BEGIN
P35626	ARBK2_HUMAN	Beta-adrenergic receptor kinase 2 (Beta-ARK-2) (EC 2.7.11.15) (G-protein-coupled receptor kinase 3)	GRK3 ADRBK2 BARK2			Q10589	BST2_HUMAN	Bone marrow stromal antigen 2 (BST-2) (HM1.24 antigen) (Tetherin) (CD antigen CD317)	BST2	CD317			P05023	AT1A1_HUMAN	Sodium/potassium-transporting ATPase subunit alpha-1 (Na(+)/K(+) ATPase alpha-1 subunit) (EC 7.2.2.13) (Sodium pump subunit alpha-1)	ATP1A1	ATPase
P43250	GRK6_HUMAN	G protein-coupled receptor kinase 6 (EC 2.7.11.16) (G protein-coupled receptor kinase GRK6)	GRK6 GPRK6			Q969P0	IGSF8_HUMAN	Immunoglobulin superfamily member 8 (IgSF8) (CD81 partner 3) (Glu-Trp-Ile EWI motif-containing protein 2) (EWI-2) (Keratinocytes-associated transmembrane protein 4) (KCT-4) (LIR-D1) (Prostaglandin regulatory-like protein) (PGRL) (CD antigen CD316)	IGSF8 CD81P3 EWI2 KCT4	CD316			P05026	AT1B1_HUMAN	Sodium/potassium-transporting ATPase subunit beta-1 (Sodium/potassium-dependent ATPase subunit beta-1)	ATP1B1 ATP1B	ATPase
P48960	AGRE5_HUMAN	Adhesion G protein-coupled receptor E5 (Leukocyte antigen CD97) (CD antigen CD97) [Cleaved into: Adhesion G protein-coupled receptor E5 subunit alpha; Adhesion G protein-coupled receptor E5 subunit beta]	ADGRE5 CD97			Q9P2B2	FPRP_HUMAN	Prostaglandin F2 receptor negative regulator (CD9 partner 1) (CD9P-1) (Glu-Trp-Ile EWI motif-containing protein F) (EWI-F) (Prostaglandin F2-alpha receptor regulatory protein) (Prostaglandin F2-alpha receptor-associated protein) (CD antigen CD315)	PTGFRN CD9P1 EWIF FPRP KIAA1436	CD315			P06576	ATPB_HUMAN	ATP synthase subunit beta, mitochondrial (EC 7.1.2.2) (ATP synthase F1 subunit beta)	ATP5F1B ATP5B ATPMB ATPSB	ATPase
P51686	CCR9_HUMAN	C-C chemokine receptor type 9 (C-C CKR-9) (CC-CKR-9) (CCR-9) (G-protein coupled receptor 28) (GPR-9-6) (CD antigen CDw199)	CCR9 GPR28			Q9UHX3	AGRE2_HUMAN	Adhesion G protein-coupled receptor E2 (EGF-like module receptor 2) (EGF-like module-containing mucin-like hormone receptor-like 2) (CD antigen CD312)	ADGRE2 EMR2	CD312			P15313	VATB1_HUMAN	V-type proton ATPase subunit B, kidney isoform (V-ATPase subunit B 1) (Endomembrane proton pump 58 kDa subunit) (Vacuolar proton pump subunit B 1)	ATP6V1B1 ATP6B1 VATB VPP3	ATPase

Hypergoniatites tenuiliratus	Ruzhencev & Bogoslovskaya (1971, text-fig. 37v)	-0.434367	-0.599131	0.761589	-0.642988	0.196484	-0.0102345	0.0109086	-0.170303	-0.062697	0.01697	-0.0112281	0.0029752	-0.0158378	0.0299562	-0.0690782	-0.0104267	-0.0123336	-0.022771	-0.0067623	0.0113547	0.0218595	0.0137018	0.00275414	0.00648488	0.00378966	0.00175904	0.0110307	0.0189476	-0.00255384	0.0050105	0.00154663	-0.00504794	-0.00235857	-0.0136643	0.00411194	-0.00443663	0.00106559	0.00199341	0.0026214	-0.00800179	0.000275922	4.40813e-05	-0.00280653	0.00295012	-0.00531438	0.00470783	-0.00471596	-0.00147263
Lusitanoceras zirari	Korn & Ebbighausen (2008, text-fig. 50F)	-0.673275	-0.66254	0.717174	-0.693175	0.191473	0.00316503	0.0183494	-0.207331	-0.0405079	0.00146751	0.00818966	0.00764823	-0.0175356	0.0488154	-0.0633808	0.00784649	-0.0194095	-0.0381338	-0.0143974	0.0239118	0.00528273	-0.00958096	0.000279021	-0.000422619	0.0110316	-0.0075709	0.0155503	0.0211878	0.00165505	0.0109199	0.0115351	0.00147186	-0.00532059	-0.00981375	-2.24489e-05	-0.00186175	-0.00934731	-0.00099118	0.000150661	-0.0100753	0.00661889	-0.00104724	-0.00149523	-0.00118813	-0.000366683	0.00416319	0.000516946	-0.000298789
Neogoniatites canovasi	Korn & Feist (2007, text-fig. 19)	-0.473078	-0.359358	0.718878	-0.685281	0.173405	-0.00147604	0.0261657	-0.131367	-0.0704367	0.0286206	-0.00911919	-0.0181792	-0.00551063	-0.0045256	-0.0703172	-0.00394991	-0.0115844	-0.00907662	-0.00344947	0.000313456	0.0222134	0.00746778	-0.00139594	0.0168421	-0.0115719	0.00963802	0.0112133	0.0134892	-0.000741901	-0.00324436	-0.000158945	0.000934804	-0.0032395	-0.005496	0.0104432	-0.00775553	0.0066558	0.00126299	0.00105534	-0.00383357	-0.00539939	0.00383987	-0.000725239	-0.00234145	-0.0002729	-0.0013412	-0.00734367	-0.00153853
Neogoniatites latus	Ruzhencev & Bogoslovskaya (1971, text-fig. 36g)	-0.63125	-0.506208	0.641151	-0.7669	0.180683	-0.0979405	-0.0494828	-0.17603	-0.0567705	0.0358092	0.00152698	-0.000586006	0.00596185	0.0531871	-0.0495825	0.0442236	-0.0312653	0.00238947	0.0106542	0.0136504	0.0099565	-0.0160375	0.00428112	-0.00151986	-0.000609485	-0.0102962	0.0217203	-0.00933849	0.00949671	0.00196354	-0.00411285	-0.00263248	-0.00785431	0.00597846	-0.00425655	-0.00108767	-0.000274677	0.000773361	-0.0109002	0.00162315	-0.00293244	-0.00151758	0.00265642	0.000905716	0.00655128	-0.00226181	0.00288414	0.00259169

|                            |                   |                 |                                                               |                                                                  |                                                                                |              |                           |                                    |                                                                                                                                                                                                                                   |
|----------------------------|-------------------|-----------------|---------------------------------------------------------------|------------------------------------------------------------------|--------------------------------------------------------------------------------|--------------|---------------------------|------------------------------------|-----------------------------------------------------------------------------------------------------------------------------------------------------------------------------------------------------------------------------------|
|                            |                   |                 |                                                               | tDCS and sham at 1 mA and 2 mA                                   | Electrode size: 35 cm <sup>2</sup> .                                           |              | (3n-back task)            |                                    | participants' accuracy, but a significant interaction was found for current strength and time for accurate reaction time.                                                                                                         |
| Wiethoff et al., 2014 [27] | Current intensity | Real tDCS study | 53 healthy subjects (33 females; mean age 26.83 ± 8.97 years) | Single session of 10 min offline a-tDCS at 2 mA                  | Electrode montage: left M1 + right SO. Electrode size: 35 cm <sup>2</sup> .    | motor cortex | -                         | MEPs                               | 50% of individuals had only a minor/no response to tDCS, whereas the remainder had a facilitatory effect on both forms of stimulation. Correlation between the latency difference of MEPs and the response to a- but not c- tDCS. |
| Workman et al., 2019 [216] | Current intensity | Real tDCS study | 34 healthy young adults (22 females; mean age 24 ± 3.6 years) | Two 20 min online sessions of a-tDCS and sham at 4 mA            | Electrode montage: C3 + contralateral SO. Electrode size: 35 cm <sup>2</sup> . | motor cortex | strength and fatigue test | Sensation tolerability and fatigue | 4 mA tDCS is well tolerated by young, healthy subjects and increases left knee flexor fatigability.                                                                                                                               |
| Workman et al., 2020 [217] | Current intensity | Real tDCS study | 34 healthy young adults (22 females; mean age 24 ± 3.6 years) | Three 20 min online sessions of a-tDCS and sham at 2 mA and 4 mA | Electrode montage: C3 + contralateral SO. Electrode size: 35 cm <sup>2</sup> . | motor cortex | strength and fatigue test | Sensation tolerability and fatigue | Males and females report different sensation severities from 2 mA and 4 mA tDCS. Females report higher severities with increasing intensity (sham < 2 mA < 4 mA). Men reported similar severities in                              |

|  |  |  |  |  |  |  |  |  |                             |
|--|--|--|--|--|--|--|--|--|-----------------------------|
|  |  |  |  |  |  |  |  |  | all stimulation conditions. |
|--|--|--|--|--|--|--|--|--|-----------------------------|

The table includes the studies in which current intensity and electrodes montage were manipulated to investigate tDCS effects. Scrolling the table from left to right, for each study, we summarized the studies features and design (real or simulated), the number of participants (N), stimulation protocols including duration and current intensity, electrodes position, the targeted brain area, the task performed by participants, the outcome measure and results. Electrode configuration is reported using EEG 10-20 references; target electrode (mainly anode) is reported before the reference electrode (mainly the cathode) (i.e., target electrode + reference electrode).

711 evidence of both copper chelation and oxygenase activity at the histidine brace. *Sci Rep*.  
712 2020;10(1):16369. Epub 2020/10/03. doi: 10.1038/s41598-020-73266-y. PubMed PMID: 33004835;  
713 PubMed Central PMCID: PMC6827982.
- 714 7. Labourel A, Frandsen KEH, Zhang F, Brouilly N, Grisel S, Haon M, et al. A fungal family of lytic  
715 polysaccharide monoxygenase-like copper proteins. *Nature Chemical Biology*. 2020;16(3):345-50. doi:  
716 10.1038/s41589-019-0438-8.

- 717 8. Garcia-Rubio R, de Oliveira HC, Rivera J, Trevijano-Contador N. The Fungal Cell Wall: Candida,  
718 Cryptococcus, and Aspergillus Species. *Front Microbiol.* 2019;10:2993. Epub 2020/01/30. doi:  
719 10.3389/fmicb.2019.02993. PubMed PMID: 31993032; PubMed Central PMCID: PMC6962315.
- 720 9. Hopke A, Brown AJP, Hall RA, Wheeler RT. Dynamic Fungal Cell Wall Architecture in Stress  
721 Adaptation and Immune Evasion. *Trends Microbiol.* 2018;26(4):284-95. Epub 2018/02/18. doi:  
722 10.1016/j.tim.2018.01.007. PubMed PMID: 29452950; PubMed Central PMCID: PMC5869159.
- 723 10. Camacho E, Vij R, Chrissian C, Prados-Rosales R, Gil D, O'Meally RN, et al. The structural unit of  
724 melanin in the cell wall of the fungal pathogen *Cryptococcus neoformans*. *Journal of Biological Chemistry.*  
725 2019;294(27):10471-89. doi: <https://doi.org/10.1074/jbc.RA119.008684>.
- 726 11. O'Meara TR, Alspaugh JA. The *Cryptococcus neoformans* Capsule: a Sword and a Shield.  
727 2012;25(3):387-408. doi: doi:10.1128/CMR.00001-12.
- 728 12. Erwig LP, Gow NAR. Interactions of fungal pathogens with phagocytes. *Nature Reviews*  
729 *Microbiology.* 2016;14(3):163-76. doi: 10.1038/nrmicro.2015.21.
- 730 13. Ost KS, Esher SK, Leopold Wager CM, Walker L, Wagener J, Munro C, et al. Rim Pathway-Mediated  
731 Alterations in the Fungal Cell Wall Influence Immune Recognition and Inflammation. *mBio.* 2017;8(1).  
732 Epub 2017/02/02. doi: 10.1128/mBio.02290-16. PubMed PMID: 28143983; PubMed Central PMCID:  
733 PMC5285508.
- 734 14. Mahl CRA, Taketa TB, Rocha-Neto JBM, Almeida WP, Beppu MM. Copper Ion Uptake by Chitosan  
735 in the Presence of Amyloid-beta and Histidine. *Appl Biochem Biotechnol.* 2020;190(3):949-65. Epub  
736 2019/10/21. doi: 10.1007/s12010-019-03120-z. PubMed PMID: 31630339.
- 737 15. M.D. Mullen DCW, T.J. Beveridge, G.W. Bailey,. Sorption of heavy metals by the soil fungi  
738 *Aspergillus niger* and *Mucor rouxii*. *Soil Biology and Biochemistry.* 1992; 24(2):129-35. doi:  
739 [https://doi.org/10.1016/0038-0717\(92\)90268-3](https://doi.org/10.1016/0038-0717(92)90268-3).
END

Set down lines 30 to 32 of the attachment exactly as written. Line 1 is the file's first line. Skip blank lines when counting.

721 Adaptation and Immune Evasion. *Trends Microbiol.* 2018;26(4):284-95. Epub 2018/02/18. doi:  
722 10.1016/j.tim.2018.01.007. PubMed PMID: 29452950; PubMed Central PMCID: PMC5869159.
- 723 10. Camacho E, Vij R, Chrissian C, Prados-Rosales R, Gil D, O'Meally RN, et al. The structural unit of  